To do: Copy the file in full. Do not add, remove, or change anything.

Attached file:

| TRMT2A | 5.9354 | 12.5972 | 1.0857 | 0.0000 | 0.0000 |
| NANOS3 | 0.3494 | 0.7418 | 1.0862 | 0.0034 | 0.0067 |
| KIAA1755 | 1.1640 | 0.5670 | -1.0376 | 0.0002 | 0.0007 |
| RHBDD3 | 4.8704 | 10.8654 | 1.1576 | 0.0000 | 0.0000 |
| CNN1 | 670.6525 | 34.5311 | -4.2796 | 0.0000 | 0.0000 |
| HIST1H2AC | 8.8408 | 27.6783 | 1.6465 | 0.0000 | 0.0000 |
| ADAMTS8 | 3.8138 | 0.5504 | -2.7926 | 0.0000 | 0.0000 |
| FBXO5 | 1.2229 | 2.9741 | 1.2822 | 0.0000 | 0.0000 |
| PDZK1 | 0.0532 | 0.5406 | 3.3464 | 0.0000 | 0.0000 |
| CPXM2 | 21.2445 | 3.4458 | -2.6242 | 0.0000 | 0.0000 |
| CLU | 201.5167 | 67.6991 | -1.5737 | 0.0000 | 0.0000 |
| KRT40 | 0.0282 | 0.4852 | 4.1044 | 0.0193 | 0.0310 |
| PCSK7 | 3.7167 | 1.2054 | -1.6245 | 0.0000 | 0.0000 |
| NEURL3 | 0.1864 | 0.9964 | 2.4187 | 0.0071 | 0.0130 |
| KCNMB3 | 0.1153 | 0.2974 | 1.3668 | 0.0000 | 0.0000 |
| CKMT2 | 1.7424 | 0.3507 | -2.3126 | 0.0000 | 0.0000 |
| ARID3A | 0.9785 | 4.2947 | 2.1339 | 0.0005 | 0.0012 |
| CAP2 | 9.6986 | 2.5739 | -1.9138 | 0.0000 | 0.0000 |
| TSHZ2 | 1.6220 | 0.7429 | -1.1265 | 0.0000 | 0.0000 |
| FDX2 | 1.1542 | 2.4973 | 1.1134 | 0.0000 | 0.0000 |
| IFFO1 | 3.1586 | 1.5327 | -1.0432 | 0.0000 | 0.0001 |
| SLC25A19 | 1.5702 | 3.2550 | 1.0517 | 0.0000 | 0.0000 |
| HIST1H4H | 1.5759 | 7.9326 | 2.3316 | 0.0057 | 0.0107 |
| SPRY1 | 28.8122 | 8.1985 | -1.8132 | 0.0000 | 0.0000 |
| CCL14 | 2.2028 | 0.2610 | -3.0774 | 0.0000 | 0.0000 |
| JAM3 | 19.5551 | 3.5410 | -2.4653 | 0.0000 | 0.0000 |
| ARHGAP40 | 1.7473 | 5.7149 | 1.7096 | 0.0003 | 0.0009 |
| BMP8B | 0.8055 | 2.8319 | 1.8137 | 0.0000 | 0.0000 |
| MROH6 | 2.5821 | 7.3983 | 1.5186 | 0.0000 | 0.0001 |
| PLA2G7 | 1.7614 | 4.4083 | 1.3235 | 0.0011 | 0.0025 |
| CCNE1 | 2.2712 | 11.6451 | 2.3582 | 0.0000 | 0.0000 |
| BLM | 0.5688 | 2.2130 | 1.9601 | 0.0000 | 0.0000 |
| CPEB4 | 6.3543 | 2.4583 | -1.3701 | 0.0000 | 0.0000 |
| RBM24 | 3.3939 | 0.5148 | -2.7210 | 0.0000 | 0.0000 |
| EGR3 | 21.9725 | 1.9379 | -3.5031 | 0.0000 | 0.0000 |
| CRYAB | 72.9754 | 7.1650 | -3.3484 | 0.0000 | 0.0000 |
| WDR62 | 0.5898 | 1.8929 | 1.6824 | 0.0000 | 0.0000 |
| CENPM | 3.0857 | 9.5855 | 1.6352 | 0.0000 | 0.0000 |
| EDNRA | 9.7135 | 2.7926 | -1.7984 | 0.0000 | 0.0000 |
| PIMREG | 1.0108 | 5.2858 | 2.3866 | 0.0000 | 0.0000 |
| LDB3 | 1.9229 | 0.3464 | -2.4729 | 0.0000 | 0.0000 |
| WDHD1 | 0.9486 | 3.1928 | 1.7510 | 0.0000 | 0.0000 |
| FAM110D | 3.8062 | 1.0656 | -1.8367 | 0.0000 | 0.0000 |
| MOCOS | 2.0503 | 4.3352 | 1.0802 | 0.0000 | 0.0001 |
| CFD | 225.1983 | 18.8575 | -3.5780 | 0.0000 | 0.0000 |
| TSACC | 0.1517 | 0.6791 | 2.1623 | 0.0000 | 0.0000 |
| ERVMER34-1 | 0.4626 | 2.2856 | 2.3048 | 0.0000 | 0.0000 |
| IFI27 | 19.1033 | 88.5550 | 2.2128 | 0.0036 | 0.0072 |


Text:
| TRMT2A | 5.9354 | 12.5972 | 1.0857 | 0.0000 | 0.0000 |
| NANOS3 | 0.3494 | 0.7418 | 1.0862 | 0.0034 | 0.0067 |
| KIAA1755 | 1.1640 | 0.5670 | -1.0376 | 0.0002 | 0.0007 |
| RHBDD3 | 4.8704 | 10.8654 | 1.1576 | 0.0000 | 0.0000 |
| CNN1 | 670.6525 | 34.5311 | -4.2796 | 0.0000 | 0.0000 |
| HIST1H2AC | 8.8408 | 27.6783 | 1.6465 | 0.0000 | 0.0000 |
| ADAMTS8 | 3.8138 | 0.5504 | -2.7926 | 0.0000 | 0.0000 |
| FBXO5 | 1.2229 | 2.9741 | 1.2822 | 0.0000 | 0.0000 |
| PDZK1 | 0.0532 | 0.5406 | 3.3464 | 0.0000 | 0.0000 |
| CPXM2 | 21.2445 | 3.4458 | -2.6242 | 0.0000 | 0.0000 |
| CLU | 201.5167 | 67.6991 | -1.5737 | 0.0000 | 0.0000 |
| KRT40 | 0.0282 | 0.4852 | 4.1044 | 0.0193 | 0.0310 |
| PCSK7 | 3.7167 | 1.2054 | -1.6245 | 0.0000 | 0.0000 |
| NEURL3 | 0.1864 | 0.9964 | 2.4187 | 0.0071 | 0.0130 |
| KCNMB3 | 0.1153 | 0.2974 | 1.3668 | 0.0000 | 0.0000 |
| CKMT2 | 1.7424 | 0.3507 | -2.3126 | 0.0000 | 0.0000 |
| ARID3A | 0.9785 | 4.2947 | 2.1339 | 0.0005 | 0.0012 |
| CAP2 | 9.6986 | 2.5739 | -1.9138 | 0.0000 | 0.0000 |
| TSHZ2 | 1.6220 | 0.7429 | -1.1265 | 0.0000 | 0.0000 |
| FDX2 | 1.1542 | 2.4973 | 1.1134 | 0.0000 | 0.0000 |
| IFFO1 | 3.1586 | 1.5327 | -1.0432 | 0.0000 | 0.0001 |
| SLC25A19 | 1.5702 | 3.2550 | 1.0517 | 0.0000 | 0.0000 |
| HIST1H4H | 1.5759 | 7.9326 | 2.3316 | 0.0057 | 0.0107 |
| SPRY1 | 28.8122 | 8.1985 | -1.8132 | 0.0000 | 0.0000 |
| CCL14 | 2.2028 | 0.2610 | -3.0774 | 0.0000 | 0.0000 |
| JAM3 | 19.5551 | 3.5410 | -2.4653 | 0.0000 | 0.0000 |
| ARHGAP40 | 1.7473 | 5.7149 | 1.7096 | 0.0003 | 0.0009 |
| BMP8B | 0.8055 | 2.8319 | 1.8137 | 0.0000 | 0.0000 |
| MROH6 | 2.5821 | 7.3983 | 1.5186 | 0.0000 | 0.0001 |
| PLA2G7 | 1.7614 | 4.4083 | 1.3235 | 0.0011 | 0.0025 |
| CCNE1 | 2.2712 | 11.6451 | 2.3582 | 0.0000 | 0.0000 |
| BLM | 0.5688 | 2.2130 | 1.9601 | 0.0000 | 0.0000 |
| CPEB4 | 6.3543 | 2.4583 | -1.3701 | 0.0000 | 0.0000 |
| RBM24 | 3.3939 | 0.5148 | -2.7210 | 0.0000 | 0.0000 |
| EGR3 | 21.9725 | 1.9379 | -3.5031 | 0.0000 | 0.0000 |
| CRYAB | 72.9754 | 7.1650 | -3.3484 | 0.0000 | 0.0000 |
| WDR62 | 0.5898 | 1.8929 | 1.6824 | 0.0000 | 0.0000 |
| CENPM | 3.0857 | 9.5855 | 1.6352 | 0.0000 | 0.0000 |
| EDNRA | 9.7135 | 2.7926 | -1.7984 | 0.0000 | 0.0000 |
| PIMREG | 1.0108 | 5.2858 | 2.3866 | 0.0000 | 0.0000 |
| LDB3 | 1.9229 | 0.3464 | -2.4729 | 0.0000 | 0.0000 |
| WDHD1 | 0.9486 | 3.1928 | 1.7510 | 0.0000 | 0.0000 |
| FAM110D | 3.8062 | 1.0656 | -1.8367 | 0.0000 | 0.0000 |
| MOCOS | 2.0503 | 4.3352 | 1.0802 | 0.0000 | 0.0001 |
| CFD | 225.1983 | 18.8575 | -3.5780 | 0.0000 | 0.0000 |
| TSACC | 0.1517 | 0.6791 | 2.1623 | 0.0000 | 0.0000 |
| ERVMER34-1 | 0.4626 | 2.2856 | 2.3048 | 0.0000 | 0.0000 |
| IFI27 | 19.1033 | 88.5550 | 2.2128 | 0.0036 | 0.0072 |